4. It is incorrect to argue that the amendment would violate the autonomy of the local church. Neither the intention nor the actual impact of the amendment would have any effect at all on local church autonomy. The SBC can pass all the amendments, confessions, resolutions, or motions that it wants. None of them have the power to direct any church to do anything. Baptist churches are free now and will always be free to call whomever they wish as pastor. That right is not diminished at all by this amendment. Anyone who thinks the amendment diminishes that right does not understand local church autonomy. The amendment does impact whom the SBC will deem to be in friendly cooperation, but churches remain autonomous in their own sphere. To claim otherwise is misleading.

5. Greear argues that the amendment will threaten the ministries of women who are not serving as pastors. He points to things that have been said online or in blog posts to substantiate his point. But readers need to understand that the amendment says no such thing. The amendment is the amendment. People’s commentary online is not the amendment. We will be voting on the amendment next year in Indianapolis, not on people’s commentary. And the amendment merely reaffirms what the BF&M already says—that the office of pastor should only be filled by qualified men. Anyone who agrees with that should have no problem voting for this amendment.

6. It is a grave mistake to pit doctrinal fidelity against the Great Commission. Greear writes,

I’m tired of micromanaging churches; I want to be about the Great Commission. There are too many people on their way to hell for us to get quagmired in policing each other.

I don’t want to micromanage churches either, and this amendment does not call for that. It simply recognizes that friendly cooperation requires some level of agreement about the qualifications for pastor. Southern Baptists cooperate together for the primary purpose of planting churches both internationally and domestically. That is what we do. Those churches will either have female pastors or not. There is no in-between position. Who we deem to be in friendly cooperation has a direct impact on our Great Commission work. That is why Southern Baptists have chosen to make this a matter of confessional priority. We don’t have to pick between the Great Commission and the Bible’s qualifications for pastor. We can do both, and we are.

7. Greear argues that the SBC has reached an “Acts 15 Moment.” He writes:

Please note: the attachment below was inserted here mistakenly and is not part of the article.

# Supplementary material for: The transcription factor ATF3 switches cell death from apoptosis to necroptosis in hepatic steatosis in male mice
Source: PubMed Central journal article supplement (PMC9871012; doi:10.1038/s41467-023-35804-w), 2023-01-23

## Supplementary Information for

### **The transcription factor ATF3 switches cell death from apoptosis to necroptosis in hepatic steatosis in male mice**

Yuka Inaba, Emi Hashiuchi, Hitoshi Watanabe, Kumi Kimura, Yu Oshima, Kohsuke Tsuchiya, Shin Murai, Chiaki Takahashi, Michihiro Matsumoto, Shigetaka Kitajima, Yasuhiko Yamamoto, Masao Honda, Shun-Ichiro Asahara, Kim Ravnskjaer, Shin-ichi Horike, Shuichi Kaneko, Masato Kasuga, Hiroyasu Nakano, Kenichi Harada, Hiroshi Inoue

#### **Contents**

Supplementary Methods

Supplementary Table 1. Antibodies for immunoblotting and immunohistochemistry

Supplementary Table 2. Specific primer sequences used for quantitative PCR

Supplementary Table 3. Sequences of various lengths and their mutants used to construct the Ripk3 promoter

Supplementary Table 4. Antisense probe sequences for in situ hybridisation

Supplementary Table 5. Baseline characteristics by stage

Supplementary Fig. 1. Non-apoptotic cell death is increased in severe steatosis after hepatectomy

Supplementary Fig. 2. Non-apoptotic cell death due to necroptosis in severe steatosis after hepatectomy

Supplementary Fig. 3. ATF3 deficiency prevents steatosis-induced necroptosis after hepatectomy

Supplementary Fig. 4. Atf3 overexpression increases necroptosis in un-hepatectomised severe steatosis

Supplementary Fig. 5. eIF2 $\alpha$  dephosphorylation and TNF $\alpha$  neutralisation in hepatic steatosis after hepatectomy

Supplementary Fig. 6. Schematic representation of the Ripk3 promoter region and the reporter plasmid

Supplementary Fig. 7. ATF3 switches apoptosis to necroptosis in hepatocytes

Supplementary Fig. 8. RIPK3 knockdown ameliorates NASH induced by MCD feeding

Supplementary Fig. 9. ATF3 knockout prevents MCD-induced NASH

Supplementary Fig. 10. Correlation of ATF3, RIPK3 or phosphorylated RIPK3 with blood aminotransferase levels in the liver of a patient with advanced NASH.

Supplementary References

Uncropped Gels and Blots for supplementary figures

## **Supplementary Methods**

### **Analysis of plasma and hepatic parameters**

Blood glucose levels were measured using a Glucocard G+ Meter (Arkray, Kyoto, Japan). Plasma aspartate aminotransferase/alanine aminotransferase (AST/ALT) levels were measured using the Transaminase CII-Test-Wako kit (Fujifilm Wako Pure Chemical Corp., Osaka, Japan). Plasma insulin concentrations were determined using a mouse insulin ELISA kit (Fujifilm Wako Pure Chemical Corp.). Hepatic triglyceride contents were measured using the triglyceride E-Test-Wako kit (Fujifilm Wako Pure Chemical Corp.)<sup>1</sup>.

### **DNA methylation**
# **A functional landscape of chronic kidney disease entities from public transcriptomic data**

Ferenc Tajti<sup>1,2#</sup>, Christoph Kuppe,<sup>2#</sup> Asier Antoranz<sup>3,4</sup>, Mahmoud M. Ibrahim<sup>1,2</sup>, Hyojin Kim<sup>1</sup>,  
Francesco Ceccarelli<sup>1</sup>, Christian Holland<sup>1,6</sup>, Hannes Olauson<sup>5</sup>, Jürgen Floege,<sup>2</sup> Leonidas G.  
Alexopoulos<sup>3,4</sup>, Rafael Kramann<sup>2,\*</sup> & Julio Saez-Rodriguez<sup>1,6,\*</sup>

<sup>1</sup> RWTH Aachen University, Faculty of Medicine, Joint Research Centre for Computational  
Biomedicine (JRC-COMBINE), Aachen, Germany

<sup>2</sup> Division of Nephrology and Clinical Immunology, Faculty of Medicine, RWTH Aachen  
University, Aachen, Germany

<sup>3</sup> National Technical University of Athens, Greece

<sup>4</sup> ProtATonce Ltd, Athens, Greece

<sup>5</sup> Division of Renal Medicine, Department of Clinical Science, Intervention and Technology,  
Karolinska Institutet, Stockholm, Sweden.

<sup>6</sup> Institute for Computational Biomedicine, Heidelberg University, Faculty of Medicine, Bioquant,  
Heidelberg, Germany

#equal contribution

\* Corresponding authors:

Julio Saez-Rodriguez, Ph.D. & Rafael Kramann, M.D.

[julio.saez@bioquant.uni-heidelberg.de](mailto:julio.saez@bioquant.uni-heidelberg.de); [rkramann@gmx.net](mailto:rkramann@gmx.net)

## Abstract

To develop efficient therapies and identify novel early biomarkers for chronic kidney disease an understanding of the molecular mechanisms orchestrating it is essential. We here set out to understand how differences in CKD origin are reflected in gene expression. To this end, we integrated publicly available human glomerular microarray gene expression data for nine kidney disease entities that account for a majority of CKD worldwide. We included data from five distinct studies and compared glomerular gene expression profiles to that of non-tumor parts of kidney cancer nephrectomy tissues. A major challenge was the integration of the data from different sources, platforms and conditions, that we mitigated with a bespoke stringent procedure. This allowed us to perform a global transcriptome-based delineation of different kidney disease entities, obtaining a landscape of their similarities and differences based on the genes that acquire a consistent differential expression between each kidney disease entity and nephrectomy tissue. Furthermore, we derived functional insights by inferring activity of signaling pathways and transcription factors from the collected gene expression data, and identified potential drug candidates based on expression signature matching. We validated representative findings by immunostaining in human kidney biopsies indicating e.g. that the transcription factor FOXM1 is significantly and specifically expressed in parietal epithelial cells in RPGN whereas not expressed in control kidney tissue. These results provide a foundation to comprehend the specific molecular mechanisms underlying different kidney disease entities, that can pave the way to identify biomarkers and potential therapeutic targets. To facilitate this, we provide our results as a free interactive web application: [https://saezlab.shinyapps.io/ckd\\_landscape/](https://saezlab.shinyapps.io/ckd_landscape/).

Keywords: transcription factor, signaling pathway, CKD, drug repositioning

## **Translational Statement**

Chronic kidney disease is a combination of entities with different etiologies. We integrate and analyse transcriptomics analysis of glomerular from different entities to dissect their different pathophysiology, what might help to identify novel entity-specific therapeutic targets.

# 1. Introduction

In Acts 15, the church was at a crisis point as they tried to figure out what gospel unity looked like among churches that disagreed in some secondary matters. And they appointed a group to come up with a solution that seemed good to them and the Holy Spirit. They recognized that the unity of the church was a serious matter, and they wanted to take time to get it right.

And so, on the Tuesday of the New Orleans Convention, I stood with several former SBC Presidents (James Merritt, Bryant Wright, Steve Gaines, Fred Luter, and Ed Litton) to call for our own Acts 15 moment, as the future of our cooperative mission depends on what we do here. We want to be doctrinally faithful, but we don’t want to change the basis of our cooperation that has been our genius for over a century.

The apostles convened the Jerusalem Council to settle the question of whether the Gentiles had to be circumcised in order to be saved (Acts 15:1). This was not a “secondary” issue. If ever there was a primary issue, this was it. In fact, the apostle Paul says that justification by circumcision is another gospel altogether—one that will damn sinners and not save them (Gal. 1:6-10). In any case, the Jerusalem Council was not about leaders reaching a compromise concerning their disagreements. It was about the church listening to the word of God and obeying the word of God. There was no compromise between error and truth, only obedience to the revealed word of God.

I would argue that Southern Baptists do indeed need to follow the example of Acts 15. We need to listen to what the word of God says, and we need to obey it. In particular, we need to base our cooperation for the Great Commission on obedience to God’s word—including what God says about the qualifications for pastor. If we want God to bless our efforts, that is what we must do. Accommodating error will only divide us. Obeying God’s word will unite us. This amendment helps us to do that, and that is why I support it. I hope and pray that you will too.